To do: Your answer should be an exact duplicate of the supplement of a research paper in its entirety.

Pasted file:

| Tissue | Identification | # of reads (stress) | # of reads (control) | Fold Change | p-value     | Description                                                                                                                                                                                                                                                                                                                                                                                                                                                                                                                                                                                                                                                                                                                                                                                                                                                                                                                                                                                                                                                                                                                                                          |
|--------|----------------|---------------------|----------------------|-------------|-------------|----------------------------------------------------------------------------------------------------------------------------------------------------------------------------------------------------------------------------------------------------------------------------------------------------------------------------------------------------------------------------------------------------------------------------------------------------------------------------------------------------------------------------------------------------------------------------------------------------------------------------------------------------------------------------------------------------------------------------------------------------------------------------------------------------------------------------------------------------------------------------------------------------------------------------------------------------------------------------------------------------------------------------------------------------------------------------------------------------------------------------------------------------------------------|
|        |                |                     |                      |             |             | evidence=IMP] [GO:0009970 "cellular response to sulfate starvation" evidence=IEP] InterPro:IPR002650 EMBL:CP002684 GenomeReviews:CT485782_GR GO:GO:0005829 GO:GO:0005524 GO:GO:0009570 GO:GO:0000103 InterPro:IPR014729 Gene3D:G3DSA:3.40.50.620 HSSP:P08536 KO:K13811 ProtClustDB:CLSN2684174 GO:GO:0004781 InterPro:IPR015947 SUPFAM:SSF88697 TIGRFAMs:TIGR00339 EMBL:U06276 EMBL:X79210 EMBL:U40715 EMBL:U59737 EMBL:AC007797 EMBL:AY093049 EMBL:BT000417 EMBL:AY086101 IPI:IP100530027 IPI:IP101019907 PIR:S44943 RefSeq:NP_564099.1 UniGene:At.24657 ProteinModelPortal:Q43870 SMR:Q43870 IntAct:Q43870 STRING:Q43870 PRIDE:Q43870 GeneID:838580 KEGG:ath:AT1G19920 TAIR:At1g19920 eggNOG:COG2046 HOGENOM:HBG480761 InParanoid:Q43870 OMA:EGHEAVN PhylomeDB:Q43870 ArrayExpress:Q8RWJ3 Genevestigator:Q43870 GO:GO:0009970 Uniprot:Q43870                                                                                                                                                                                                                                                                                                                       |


| Tissue | Identification | # of reads (stress) | # of reads (control) | Fold Change | p-value     | Description                                                                                                                                                                                                                                                                                                                                                                                                                                                                                                                                                                                                                                                                                                                                                                                                                                                                                                                                                                                                                                                                                                                                                          |
|--------|----------------|---------------------|----------------------|-------------|-------------|----------------------------------------------------------------------------------------------------------------------------------------------------------------------------------------------------------------------------------------------------------------------------------------------------------------------------------------------------------------------------------------------------------------------------------------------------------------------------------------------------------------------------------------------------------------------------------------------------------------------------------------------------------------------------------------------------------------------------------------------------------------------------------------------------------------------------------------------------------------------------------------------------------------------------------------------------------------------------------------------------------------------------------------------------------------------------------------------------------------------------------------------------------------------|
|        |                |                     |                      |             |             | evidence=IMP] [GO:0009970 "cellular response to sulfate starvation" evidence=IEP] InterPro:IPR002650 EMBL:CP002684 GenomeReviews:CT485782_GR GO:GO:0005829 GO:GO:0005524 GO:GO:0009570 GO:GO:0000103 InterPro:IPR014729 Gene3D:G3DSA:3.40.50.620 HSSP:P08536 KO:K13811 ProtClustDB:CLSN2684174 GO:GO:0004781 InterPro:IPR015947 SUPFAM:SSF88697 TIGRFAMs:TIGR00339 EMBL:U06276 EMBL:X79210 EMBL:U40715 EMBL:U59737 EMBL:AC007797 EMBL:AY093049 EMBL:BT000417 EMBL:AY086101 IPI:IP100530027 IPI:IP101019907 PIR:S44943 RefSeq:NP_564099.1 UniGene:At.24657 ProteinModelPortal:Q43870 SMR:Q43870 IntAct:Q43870 STRING:Q43870 PRIDE:Q43870 GeneID:838580 KEGG:ath:AT1G19920 TAIR:At1g19920 eggNOG:COG2046 HOGENOM:HBG480761 InParanoid:Q43870 OMA:EGHEAVN PhylomeDB:Q43870 ArrayExpress:Q8RWJ3 Genevestigator:Q43870 GO:GO:0009970 Uniprot:Q43870                                                                                                                                                                                                                                                                                                                       |